7,000 Jamaicans are modern-day slaves – report

Business editor

Sunday, July 22, 2018

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As Jamaica prepares to celebrate Emancipation Day on August 1, there are some 7,000 people living in modern-day slavery on the island according to the Global Slavery Index published on Thursday.

Although slavery and the four-year apprenticeship period officially ended 180 years ago, 2.57 people out of every 1,000 living in Jamaica are estimated to be living as slaves, the report said.

Globally, the report estimates that some 40.3 million people are living in modern-day slavery – with 71 per cent of those females and 29 per cent males. Some 24.9 million of the total are believed to be in forced labour, with another 15.4 million in forced marriages.

With little-known forced marriages in Jamaica, the country has a prevelance index rank of 112 out of 167 countries for its level of slavery.

That puts it well behind Haiti, the first country to overturn slavery some 215 years ago. According to the report, Haiti has some 55,000 people living as slaves out of a population of 10.7 million, giving it a rating of 62 out of 167. Its rate of slavery is 5.55 people per 1,000 – the second highest in the Americas, just behind Venezuela at 161 with a rate of 5.58 per 1,000.

In fact, Jamaica has a smaller proportion of modern slaves than any of the other Caribbean countries listed, including: Barbados at 2.75 per 1,000. Trinidad at 2.96, Guyana at 2.59, the Dominican Republic at 4.03 and Cuba at 3.77. Suriname, a member of Caricom neighbouring Guyana, scored lower than Jamaica with a rate of 2.3 per 1,000.

Meanwhile the United Kingdom, which ended slavery (though not indentured labour) across its empire in 1834, has a slightly lower level of slavery than Jamaica, according to the report. An estimated 136,000 people live in modern-day slavery in the former colonial power, the report says. That gives it a prevelance index rate of 132 and and an overall rate of 2.06 slaves per 1,000 people.

Singapore with a population of 5.5 million people scores worse than Jamaica with an estimated 19,000 modern-day slaves, giving it a rate of 3.43 and ranking it 97th in the survey.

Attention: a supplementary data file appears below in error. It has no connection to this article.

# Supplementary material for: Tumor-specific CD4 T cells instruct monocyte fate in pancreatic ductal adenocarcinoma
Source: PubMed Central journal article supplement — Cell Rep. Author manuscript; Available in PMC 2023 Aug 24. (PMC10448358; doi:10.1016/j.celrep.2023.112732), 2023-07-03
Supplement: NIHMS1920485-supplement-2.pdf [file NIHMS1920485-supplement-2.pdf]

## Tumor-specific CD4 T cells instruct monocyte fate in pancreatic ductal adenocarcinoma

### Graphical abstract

Slavery is also alive and well in Africa where every country has modern-day slavery including Nigeria with a rate of 7.65 per 1,000, Ghana with a rate of 4.84, South Africa with a rate of 2.8 – but worst of all is Eritrea, ranked second in the world, with a rate of 93.03 modern-day slaves per 1,000 people.

Slavery also exists across Europe, with the worst offender being Turkmenistan with a rate of 11.2, followed by Belarus (10.9) and Macedonia (8.7). Greece, a member of the European Union, was fourth highest in Europe with a rate of 7.91 per 1,000, ranking it 27th in the survey.

The country with the highest rate of modern slavery is North Korea, the report says, with some 2.62 million modern-day slaves in its population of about 25 million – giving it a rate of 104.56 per 1,000 people.

The United States ranks low on its proportion of slaves, with 1.26 per 1,000 people, placing it at 158th out of 167 countries. But given its population of 320 million, the report estimates that some 403,000 are living as modern-day slaves.

Its northen neighbour Canada ranks even better, 166th out of 167 countries with a rate of 0.48 per 1,000 people. That translates to an estimated 17,000 modern-day slaves, or 10,000 more than Jamaica.

The country with the lowest level of modern slavery is Japan with a rate of 0.3 per 1,000 people.

The report also looks into the types of products exported to the main industrialised countries (G20) that are most at risk of being a part of the modern-day slavery value chain. The top five include: laptops, computers and mobile phones at top place followed by garments, fish, cocoa and sugar cane.

In the context of the report, modern slavery covers a set of specific legal concepts including forced labour, debt bondage, forced marriage, slavery and slavery-like practices, and human trafficking.

“Essentially, it refers to situations of exploitation that a person cannot refuse or leave because of threats, violence, coercion, deception, and/or abuse of power. For example, their passport might be taken away if they are in a foreign country, they might experience or be threatened with violence, or their family might be threatened,” the report states.

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